3. Mixing business and politics
In other countries, it becomes a thin line between business and politics. Entrepreneurs will often build their business by acquisition of strategic state assets (usually due to privatisation) through political affiliations. This is what happened in Russia when the oil once under the control of the government was privatised and resulted in a number of oligarch (millionaire’s from owning oil companies). The nature of politics is that political leaders tend to change once every four or five years due to elections. Reliance by entrepreneurs to politicians is based purely on power relations, influence and favours. Should the political leader(s) be changed due to the elections, that relationship between entrepreneur and the political leader changes. More often the incumbent political leader will come with his own favourite business people to “empower”. The sustainability of the business transaction is dependent on the positive relations that the entrepreneur has with the politician and more often such relationships are not sustainable. Worse case scenario there are cases of bribery and corruption that always lurks such relationships which will result in criminal cases and jail-time.
In Russia, Mikhail Khodorkovsky the owner of Yukos and once a multi-millionaire oil mogul is serving a jail sentence mainly due him falling out of favour with the incumbent president Vladimir Putin. Khodorskovsky had a good relationship with the then Russian president Boris Yeltsin and used his connection during the privatisation of Russian oil to acquire oil mines. When Yeltsin’s presidency ended abruptly, Putin took over. Putin had made it abundantly clear to this new breed of oligarchs: do business or do politics, but whatever you do, do not do both. Those who did not heed Putin’s advice, including Khodorkovsky did not finish well. Some fled the country and others in jail.
As an entrepreneur, your success should not create an impression that you can mix business and politics and get away with it when trouble brews. As an entrepreneur there is a fine line between self-belief and delusion, and keeping on the right side of that line is what all great entrepreneurs managed to do. The successful ones convince themselves (and others) that they are better, smarter, more cunning, more visionary or most astute to have, but it also puts them on a collision cause with self-destruction. Without a brake on that self-belief – or a rational mind to balance the bravado – entrepreneurs are doomed.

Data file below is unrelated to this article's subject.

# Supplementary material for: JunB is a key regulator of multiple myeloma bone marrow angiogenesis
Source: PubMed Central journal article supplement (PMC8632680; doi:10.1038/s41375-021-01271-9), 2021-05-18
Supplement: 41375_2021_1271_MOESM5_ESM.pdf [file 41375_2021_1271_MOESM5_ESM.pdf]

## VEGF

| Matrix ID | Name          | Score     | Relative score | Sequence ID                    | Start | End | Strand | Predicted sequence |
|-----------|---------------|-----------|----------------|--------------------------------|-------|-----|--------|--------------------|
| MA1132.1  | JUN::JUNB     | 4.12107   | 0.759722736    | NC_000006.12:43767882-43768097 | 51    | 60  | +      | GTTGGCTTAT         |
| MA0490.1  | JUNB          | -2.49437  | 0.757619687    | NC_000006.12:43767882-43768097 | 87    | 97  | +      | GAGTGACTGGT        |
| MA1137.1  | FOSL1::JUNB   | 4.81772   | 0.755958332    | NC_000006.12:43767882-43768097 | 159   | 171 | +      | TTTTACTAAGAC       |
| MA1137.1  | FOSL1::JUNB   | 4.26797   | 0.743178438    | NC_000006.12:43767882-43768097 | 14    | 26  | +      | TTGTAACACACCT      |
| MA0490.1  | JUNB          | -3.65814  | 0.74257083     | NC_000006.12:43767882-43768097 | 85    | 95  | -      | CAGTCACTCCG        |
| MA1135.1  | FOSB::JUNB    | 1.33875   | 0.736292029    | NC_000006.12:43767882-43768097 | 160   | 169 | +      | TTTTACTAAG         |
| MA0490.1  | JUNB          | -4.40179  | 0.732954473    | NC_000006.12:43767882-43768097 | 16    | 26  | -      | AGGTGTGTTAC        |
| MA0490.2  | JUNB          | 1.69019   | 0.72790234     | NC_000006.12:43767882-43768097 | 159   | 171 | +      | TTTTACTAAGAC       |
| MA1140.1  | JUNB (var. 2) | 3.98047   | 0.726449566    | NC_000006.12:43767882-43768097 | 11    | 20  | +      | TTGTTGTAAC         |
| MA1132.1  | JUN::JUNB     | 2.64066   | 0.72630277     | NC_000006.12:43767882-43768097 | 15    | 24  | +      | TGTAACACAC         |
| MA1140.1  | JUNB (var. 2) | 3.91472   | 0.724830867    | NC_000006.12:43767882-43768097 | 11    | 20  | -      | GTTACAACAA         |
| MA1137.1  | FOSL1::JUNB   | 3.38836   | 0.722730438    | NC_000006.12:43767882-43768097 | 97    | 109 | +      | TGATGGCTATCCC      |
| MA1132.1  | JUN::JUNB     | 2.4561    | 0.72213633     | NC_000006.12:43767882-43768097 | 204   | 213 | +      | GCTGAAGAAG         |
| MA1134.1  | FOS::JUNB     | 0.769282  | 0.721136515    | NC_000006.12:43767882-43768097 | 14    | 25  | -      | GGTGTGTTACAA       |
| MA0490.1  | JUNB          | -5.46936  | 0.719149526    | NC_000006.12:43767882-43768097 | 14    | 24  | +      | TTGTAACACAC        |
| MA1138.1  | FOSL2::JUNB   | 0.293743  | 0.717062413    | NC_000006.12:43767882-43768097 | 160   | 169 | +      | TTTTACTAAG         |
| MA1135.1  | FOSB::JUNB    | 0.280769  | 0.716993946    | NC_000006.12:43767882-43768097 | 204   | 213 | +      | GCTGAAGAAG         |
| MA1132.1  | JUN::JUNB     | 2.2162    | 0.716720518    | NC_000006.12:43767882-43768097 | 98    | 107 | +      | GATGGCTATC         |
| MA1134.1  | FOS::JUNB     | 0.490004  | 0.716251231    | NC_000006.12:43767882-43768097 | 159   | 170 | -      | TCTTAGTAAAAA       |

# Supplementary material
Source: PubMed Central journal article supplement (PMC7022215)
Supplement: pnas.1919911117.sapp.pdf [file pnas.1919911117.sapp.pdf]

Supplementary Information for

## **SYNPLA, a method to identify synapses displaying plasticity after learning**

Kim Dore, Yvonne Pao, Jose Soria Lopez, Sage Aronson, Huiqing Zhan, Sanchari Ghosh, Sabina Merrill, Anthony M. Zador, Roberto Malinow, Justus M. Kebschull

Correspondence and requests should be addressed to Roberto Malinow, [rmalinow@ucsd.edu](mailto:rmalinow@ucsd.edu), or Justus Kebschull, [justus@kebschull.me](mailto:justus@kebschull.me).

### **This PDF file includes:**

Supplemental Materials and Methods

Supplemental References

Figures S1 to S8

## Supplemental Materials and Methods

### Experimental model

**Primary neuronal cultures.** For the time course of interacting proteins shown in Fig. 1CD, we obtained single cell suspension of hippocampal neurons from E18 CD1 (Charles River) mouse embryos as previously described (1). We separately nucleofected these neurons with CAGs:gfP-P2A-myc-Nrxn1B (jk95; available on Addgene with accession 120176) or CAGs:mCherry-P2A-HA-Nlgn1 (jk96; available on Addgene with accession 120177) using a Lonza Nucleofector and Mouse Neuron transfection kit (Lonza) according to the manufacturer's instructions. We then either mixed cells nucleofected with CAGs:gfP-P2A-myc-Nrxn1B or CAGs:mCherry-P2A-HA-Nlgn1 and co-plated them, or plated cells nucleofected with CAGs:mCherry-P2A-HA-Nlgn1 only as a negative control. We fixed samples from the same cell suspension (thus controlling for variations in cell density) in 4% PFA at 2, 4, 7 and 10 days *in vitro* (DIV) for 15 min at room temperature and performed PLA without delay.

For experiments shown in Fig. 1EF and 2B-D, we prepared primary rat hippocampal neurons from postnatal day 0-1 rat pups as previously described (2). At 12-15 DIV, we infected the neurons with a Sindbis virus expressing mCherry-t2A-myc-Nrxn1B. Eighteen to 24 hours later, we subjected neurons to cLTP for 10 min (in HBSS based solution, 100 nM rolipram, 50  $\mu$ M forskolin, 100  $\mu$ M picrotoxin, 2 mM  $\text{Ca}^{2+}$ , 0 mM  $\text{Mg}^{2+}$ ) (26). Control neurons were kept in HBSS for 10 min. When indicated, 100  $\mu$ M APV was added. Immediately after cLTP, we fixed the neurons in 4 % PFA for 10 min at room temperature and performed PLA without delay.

4. All that glitters is not gold
The rise and fall of many entrepreneurs is all too common a story we have heard and seen repeatedly. Too many instant entrepreneurs get to be the limelight. They hog newspaper headlines, they are seen in the A-List of top parties and events. The drive expensive cars, wear expensive designer clothes, go to expensive holiday destinations occasionally, they are the envy of society. Being from an ethnic group and being wealthy can rapidly take you to the very heart of the celebrated people and result in reams of positive press coverage. The fall will show how fickle a mistress the media can be, and that ultimately all the glitz, glamour and perceived opulence in the world is not replacement for sound business planning and hard work.
Many celebrity entrepreneurs enjoy the limelight. It is part of the personality of entrepreneurs to want to show the world what they are made of. Psychologists might argue that this self-justification, or self-glorification, is part of an inner insecurity and inferiority complex. Others would say it is simply part of having a very big ego.
The media are a double-edged sword. They are looking for stories, head-lines and angles. If someone new comes along, someone young, successful, wealthy, it is little wonder the press trip over themselves to put that face on their covers. But it comes at a cost. As soon as business people court the media, they need to watch out. And if they are up to no good, they should not court it at all.
5. King Kong Ego